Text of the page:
The McDougall Newsletter

May 2008

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Vol. 7, No. 05

John McDougall, MD

International Year of the Potato, 2008

Because of the ease and efficiency of production, and the superior nutritional qualities, the humble potato is humankind’s best hope for, resolving the current worldwide epidemic of obesity, diabetes, heart disease, and cancer, and eventually, thriving in the near future. The potato plant produces more nutritious food, quicker, on less land, and in harsher climates than any other major crop. For these reasons potatoes are the world’s fourth most important food source after rice, wheat, and corn.* With climate changes brought on by global warming, the potato will soon become the world’s most important crop. Historically, this common vegetable has gained a well-deserved reputation for protecting populations from starvation and improving the lives of ordinary people.

According to the FAO (Food and Agriculture Organization of the United Nations):

“The International Year of the Potato (2008) aims at raising global awareness of the potato's key role in agriculture, the economy and world food security. Celebration of the International Year of the Potato (IYP) will raise awareness of the importance of the potato - and of agriculture in general - in addressing issues of global concern, including hunger, poverty and threats to the environment.”

The potato is produced in 130 nations (more nations than any other crop, except corn). Potatoes can be grown at almost any elevation and in most climates. Although it originated in the cold, dry Lake Titicaca region of Peru and Bolivia (elevation 12,500 feet) between 7,000 to 10,000 years ago, the potato thrives in wet, warm costal areas. The potato plant requires very little water, matures in as little time as 50 days, and can produce four times more food on the same amount of land, than can wheat or rice. One acre of potatoes can feed 10 people for a year. After being harvested from the ground the potato can be stored for six months or more under cool, dry, well-vented conditions—thus providing food all year long.

The potato has been regarded as poisonous, tasteless, boring, fattening, hard to digest, and as an aphrodisiac; it has been considered cattle- and pig-food, reserved only for times of famine and for the poor. In truth, science and history have consistently judged a potato-based diet correctly: a diet ideal for supporting human health and productivity.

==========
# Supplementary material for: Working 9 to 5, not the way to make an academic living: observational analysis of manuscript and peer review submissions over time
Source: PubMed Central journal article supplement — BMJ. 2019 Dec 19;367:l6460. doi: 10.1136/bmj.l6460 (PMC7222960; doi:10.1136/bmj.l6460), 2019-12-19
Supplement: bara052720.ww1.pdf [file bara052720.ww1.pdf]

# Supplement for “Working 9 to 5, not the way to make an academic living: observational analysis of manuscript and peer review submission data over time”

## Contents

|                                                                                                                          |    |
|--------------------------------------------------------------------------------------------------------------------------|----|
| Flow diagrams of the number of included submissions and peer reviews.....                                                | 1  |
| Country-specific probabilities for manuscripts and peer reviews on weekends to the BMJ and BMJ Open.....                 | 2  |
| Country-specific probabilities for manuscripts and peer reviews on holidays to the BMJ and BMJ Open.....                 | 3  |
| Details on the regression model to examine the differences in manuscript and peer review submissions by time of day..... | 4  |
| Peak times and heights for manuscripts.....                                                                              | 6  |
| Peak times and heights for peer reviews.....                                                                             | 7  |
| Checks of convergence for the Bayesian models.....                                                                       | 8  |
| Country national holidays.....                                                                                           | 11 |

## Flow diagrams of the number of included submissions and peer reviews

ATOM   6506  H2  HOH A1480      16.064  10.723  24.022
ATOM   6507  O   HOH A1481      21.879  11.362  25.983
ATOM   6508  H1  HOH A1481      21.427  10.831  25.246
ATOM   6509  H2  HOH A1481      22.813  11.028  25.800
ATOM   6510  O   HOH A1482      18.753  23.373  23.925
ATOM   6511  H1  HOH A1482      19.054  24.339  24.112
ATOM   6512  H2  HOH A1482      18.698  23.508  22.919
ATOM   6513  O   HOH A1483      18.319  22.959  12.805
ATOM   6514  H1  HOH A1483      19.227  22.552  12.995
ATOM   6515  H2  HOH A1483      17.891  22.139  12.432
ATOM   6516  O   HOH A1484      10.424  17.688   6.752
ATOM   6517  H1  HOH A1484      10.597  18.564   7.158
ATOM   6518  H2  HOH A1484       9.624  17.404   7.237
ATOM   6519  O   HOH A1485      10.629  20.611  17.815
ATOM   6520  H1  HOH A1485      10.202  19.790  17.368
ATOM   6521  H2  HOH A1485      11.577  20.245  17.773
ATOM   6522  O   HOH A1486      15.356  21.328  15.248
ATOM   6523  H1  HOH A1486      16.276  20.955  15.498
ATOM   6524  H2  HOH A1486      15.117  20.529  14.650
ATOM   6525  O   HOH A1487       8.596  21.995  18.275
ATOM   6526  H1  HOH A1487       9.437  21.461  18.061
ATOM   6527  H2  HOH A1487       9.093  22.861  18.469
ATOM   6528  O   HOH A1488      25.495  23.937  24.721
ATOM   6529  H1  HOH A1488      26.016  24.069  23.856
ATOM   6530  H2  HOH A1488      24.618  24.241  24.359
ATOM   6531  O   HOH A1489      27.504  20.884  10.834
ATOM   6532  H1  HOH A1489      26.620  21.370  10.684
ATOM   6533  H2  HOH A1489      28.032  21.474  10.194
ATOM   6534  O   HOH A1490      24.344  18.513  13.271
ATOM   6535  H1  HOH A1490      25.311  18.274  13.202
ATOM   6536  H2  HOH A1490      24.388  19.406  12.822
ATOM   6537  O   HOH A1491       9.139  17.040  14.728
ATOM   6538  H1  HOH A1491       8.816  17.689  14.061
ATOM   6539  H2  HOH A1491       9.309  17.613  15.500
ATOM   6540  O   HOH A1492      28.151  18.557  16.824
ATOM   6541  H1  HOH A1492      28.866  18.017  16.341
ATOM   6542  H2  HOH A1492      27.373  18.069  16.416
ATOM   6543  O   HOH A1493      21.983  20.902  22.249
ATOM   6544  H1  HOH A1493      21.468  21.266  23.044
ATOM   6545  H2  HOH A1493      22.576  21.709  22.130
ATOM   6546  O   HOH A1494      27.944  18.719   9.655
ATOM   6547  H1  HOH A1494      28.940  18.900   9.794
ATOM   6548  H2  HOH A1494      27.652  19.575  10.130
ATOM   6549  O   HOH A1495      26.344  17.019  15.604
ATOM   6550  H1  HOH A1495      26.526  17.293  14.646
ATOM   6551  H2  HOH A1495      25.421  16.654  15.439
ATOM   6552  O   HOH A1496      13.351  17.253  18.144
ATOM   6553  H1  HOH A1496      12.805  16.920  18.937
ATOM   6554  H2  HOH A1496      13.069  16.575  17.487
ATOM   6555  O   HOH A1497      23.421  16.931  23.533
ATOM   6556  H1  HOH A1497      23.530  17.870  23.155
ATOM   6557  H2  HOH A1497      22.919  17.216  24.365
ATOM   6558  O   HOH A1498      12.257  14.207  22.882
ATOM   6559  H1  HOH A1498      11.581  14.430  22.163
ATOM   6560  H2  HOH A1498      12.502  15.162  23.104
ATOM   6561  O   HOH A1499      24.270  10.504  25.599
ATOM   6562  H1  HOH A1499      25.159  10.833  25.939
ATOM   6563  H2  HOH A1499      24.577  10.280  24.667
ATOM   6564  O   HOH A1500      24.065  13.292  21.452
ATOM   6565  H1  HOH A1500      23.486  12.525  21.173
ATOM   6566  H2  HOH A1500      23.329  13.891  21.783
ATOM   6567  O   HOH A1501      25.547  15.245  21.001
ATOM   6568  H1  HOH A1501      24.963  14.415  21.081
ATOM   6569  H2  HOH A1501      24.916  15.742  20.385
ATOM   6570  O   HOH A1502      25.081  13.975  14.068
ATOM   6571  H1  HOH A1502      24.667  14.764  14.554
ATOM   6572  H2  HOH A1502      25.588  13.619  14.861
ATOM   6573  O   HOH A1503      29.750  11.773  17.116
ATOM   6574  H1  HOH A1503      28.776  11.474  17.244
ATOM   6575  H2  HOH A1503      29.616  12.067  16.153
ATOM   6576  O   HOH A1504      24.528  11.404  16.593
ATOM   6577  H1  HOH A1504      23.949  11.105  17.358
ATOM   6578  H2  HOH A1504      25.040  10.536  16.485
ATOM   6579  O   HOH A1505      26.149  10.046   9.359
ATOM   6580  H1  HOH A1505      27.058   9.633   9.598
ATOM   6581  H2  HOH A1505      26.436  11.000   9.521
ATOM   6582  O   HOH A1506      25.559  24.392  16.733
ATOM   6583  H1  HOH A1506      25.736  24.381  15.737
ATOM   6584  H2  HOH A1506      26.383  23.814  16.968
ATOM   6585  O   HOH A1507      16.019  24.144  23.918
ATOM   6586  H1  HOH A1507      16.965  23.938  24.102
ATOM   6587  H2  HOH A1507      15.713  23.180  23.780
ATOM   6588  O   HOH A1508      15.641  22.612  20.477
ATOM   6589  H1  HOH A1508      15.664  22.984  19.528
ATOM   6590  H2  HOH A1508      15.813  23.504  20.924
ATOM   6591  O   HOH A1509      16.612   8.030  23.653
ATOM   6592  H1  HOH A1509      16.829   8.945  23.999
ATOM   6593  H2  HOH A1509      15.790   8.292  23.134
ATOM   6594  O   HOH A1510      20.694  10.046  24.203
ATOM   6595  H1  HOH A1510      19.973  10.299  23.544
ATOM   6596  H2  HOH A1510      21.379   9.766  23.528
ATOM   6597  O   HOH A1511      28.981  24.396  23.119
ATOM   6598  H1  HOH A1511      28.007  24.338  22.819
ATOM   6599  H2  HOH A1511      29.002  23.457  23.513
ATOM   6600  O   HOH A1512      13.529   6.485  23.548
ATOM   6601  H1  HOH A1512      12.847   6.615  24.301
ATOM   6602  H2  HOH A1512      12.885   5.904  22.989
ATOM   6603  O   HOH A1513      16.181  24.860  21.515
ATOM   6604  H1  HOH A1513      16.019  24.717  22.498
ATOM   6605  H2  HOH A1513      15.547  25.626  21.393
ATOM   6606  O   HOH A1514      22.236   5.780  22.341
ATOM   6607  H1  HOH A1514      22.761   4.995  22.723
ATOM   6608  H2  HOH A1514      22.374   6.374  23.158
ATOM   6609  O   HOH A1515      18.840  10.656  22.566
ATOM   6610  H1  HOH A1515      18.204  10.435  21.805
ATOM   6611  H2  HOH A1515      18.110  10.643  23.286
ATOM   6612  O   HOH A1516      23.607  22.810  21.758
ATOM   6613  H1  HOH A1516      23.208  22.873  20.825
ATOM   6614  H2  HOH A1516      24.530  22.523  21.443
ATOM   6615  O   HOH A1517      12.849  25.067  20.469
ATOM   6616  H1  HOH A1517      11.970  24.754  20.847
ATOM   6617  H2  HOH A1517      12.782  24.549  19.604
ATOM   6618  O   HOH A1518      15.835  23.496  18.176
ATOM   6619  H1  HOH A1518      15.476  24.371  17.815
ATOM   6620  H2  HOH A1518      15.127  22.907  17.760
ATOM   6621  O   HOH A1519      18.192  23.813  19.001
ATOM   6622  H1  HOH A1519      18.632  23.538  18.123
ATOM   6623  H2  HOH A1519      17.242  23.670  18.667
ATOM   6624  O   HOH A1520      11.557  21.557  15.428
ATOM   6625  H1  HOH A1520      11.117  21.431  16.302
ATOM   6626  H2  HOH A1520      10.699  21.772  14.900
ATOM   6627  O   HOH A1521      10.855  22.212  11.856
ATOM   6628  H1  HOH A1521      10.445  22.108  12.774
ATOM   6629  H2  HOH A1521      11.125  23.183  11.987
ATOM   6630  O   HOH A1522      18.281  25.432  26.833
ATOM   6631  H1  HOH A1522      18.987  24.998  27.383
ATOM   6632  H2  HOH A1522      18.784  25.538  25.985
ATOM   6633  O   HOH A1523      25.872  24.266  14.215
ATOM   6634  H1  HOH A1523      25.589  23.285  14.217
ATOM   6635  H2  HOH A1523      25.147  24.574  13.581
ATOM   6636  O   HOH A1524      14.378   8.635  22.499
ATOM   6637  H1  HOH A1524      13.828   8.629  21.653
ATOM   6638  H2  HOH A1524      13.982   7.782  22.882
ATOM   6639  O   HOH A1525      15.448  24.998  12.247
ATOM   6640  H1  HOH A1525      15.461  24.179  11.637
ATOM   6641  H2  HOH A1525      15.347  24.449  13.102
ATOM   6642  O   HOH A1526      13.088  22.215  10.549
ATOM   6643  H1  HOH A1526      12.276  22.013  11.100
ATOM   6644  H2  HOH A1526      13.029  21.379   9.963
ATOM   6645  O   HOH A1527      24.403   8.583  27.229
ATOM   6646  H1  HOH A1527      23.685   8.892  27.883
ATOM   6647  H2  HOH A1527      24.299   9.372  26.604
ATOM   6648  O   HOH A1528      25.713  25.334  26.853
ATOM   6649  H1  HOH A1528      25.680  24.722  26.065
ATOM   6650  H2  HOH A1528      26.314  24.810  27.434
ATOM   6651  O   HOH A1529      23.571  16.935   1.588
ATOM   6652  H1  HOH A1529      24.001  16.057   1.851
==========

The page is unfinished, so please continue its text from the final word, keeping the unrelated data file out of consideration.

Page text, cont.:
Starch is the predominant form of carbohydrate found in potatoes. Human beings are anatomically and physiologically designed as a “starch-eaters.”  (See my October 2007 newsletter article, “DNA testing proves humans are designed as starch-eaters.”) Called by the French, “pommes de terre,” these apples of the Earth provide ideal sources of energy, proteins, fats, vitamins, minerals, and fiber. Their abundant proteins easily provide all of the essential amino acids required for healthy adults and children. They are anti-scurvy (Vitamin C) and excellent sources of all vitamins and minerals (except B12). Potatoes are a complete food: People can and have lived for extended periods on potatoes as their sole source of nourishment. (For more information on how potatoes keep people trim and healthy see my April 2002 newsletter article: “Potatoes Are the Pillars of Worldwide Nutrition.” 

*Potatoes are consumed by more of the world's population than any other vegetable (in distinction to grains). Corn is mainly used for animal feed.

 A Medicine and a Poison

The potato is from the plant family Solanaceae. This family also contains the tomato, peppers (capsicum), and eggplant, along with powerful poisonous plants, including mandrake, henbane, tobacco, and the deadly nightshade. The most pharmacologically active compounds found in the potato are the solanine glycoalkaloids (α-solanine and α-chaconine). Their primary purpose is to defend the potato plant against bacteria, fungi, viruses, insects, animals, and humans. However, at appropriate levels these glycoalkaloids have medicinal effects for people.

Known Medical Benefits from Extracts of Solanine

Lowers cholesterol
Anti-diabetic
Anti-allergic
Anti-itching
Anti-inflammatory
Antibiotic (bacteria, fungi, parasites, viruses)
Anticancer

Like most medicines, solanine can become poisonous when delivered in high concentrations. Farmers have known for centuries that potatoes could poison their cattle and pigs. The highest concentrations of glycoalkaloids occur just under the skin and in areas of high metabolic activity, such as the eyes. Hence peeling potatoes reduces their toxic potential. The glycoalkaloid levels in the plant’s parts increase with age and exposure to light.

In people, the clinical effects are due primarily to their anti-cholinesterase activity, and include headache, diarrhea, nausea, vomiting, weakness, depression, and finally paralysis. A rare skin disease called ‘potato eruption’ begins as red papules that can progress to pustular crusted lesions. Death from solanine poisoning from potatoes is rare. These chemicals are resistant to cooking and may stay in the body for several days. To eliminate the risks, do not eat spoiled potatoes; which usually means those potatoes with green discoloration under their skin and/or sprouted potatoes, having “growing eyes.”